Congratulations to our PhD student Bridget Riley on winning our postgraduate student blog competition! Bridget nominated Archbishop Richard FitzRalph of Armagh for our Temple of Worthies. Her blog was the most read with 277 views at the closing of the competition on March 27 (many more since then!)
Archbishop Richard FitzRalph of Armagh
By Bridget Riley, PhD student
I wish to nominate Archbishop Richard FitzRalph of Armagh (c.1300-1360) for inclusion in the Temple of Worthies. Representative of a marginalized Irish province, he became a courageous advocate for truth, speaking out across Europe against what he saw as hypocrisy and institutional corruption amongst the politically-connected friars, regardless of the personal cost.
‘Let no one seduce you with empty words’.
This is the title of a sermon Archbishop FitzRalph preached at St Paul’s Church, London, in March 1357, to a city gripped—according to him, at least—by controversy and turmoil over the behaviour of the four main orders of friars.
These orders, Dominicans, Carmelites, Augustinians (otherwise known as Austin Friars), and most prominently, Franciscans, emerged as a potent presence in the Church from the early thirteenth century. They claimed to live the true apostolic life as set out by Christ and his first followers in the New Testament.
St Francis, the founder of the Franciscan order, lived in utter poverty, relying on the charity of others to survive. Yet he was also a smart political operator, seeking out and winning the support of the papacy for his fledgling order.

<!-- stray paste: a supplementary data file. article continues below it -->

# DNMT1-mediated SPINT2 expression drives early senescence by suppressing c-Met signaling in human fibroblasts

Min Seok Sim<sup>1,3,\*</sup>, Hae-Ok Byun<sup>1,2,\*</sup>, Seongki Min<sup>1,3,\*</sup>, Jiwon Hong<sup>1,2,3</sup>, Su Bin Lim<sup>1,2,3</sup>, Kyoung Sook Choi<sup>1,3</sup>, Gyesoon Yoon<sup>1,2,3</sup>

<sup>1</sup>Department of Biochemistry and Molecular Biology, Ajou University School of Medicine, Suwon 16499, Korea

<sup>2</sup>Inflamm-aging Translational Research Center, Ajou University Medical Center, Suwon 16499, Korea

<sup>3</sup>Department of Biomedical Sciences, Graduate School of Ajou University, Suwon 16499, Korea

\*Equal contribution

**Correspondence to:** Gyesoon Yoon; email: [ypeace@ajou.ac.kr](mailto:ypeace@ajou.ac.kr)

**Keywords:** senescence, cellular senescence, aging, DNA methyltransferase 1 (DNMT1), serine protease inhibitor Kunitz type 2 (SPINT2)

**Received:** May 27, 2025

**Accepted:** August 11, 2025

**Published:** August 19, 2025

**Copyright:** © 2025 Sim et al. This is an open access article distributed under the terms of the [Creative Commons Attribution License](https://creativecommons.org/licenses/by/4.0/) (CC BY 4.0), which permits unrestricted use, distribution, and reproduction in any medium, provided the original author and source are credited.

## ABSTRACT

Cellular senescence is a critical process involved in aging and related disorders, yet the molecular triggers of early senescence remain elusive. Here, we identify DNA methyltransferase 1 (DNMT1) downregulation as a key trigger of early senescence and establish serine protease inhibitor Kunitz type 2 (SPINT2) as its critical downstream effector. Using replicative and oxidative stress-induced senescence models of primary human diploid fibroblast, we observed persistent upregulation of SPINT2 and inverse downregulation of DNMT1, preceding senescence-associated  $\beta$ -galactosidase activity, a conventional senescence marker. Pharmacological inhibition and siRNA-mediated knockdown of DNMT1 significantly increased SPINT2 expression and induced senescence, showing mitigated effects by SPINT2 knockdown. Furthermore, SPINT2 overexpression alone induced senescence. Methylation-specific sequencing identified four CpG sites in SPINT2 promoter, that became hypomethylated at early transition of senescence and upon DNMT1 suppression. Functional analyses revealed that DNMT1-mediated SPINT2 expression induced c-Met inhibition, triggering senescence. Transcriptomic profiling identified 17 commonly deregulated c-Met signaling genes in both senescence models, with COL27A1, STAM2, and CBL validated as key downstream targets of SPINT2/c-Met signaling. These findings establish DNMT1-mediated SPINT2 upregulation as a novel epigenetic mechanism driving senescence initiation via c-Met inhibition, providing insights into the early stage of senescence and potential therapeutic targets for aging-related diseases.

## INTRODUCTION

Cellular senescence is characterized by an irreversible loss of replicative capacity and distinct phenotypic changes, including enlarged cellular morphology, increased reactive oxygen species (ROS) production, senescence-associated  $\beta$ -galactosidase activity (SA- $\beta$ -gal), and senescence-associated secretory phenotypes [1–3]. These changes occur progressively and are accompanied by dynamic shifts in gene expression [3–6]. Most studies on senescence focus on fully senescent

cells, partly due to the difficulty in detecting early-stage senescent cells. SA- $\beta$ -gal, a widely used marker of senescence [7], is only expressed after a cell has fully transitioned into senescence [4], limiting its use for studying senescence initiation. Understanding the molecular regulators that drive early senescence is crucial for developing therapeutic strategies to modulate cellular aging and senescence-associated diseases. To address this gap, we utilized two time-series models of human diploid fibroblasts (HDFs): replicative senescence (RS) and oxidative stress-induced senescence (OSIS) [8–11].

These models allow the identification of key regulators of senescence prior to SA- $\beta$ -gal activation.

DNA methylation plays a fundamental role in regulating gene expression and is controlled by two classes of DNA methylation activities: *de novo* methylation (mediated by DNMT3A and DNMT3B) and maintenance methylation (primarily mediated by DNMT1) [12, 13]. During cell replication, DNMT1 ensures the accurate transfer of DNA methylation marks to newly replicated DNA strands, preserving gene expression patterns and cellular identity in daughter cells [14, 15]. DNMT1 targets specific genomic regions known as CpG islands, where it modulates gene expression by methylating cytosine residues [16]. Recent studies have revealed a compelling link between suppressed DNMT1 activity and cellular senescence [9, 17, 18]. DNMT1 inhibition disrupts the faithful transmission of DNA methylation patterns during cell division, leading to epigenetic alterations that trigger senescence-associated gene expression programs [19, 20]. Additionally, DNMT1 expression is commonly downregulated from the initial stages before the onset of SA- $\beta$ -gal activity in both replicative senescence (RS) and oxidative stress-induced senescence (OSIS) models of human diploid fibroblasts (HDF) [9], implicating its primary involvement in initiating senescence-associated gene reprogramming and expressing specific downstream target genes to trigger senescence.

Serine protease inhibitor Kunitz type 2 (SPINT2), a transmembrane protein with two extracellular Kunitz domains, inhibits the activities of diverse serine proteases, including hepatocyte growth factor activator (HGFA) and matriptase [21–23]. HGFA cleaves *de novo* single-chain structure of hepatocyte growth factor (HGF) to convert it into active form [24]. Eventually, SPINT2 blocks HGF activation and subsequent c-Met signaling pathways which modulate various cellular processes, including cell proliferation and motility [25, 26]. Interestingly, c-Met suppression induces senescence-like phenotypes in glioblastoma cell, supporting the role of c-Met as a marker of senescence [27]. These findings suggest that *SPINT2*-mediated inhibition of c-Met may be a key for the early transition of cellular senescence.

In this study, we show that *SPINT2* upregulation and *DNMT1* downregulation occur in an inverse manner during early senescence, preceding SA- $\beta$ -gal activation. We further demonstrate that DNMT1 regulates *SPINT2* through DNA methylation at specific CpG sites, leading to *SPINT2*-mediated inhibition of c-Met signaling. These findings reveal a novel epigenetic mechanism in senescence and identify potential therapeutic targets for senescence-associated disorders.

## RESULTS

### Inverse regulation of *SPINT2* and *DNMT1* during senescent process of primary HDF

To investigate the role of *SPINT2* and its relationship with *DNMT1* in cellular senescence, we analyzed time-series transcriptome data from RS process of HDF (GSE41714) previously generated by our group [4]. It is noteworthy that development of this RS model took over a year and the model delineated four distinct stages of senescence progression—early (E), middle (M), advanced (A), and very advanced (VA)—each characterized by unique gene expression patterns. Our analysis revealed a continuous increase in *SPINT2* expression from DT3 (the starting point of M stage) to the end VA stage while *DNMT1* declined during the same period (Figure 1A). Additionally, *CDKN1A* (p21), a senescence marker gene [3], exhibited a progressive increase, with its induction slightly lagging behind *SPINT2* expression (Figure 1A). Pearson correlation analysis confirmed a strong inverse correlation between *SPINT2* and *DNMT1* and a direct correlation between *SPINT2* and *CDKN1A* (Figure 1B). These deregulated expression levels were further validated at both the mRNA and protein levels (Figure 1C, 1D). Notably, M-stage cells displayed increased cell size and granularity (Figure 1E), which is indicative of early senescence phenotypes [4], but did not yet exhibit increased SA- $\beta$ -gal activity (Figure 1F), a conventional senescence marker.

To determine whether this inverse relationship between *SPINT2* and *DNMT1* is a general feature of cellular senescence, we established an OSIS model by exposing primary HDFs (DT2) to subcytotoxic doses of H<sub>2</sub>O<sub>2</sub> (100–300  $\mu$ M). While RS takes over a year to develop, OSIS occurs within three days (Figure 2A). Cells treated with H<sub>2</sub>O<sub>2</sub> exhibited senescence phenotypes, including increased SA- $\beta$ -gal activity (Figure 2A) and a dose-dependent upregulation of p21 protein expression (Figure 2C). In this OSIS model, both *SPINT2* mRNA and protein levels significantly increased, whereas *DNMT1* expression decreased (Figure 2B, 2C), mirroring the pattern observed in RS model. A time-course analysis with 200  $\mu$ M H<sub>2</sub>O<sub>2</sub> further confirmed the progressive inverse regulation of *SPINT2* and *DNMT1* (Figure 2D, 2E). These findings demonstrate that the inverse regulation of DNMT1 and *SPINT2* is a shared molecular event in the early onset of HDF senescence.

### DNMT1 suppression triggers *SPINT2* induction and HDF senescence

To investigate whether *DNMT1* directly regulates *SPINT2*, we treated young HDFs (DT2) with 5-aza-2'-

Francis had believed that poverty–the absence of resources–was a powerful resource in itself. It weeded out those who might have joined him for insincere or self-interested reasons. It gave his order a dominant brand identity. But ultimately, however, it proved incredibly difficult to enforce.
Christ famously and divisively said ‘Blessed are the poor’. Yet if one wishes to serve the poor, is poverty really useful? Conversely, is wealth automatically bad, or can it be empowering, and even beneficial, if used for a good cause? A modern Francis has recently had to deal with these very issues.
The Franciscan order, along with the other three orders of friars, flourished and expanded across Europe during the thirteenth and fourteenth centuries. Convents were predominantly founded in urban areas where friars could preach, hear confessions, and bury the dead. One only need consider how many towns in England have a street name containing the word Friar or Greyfriars—Reading still has a Greyfriars Church on Friar Street—to appreciate this spread in the late Middle Ages. (Viewers of the BBC’s recent drama Wolf Hall may have noticed that the house belonging to Thomas Cromwell was called ‘Austin Friars’, since it was built on land purchased from the London Austin Friars.)
The increase in wealth which accompanied the expansion of the orders rendered the concept of material poverty somewhat obsolete. A dichotomy developed between the life set out in the Rule of St Francis, and the opportunities available to, and adopted by, the now-wealthy friars. The Franciscans especially had to undergo something of a brand-refresh, which proved unpalatable to some members, who renamed themselves ‘Spiritual Franciscans’, and continued to live just as Francis had. The remainder, the retitled ‘Conventual Franciscans’, faced much criticism, which is reflected in contemporary literature. (Geoffrey Chaucer’s fictional Friar from The Canterbury Tales, is perhaps the best-known example.) However, since reforms to the fraternal orders could only occur with papal endorsement, members of the secular clergy were reluctant to challenge the friars for fear of antagonizing their papal protectors.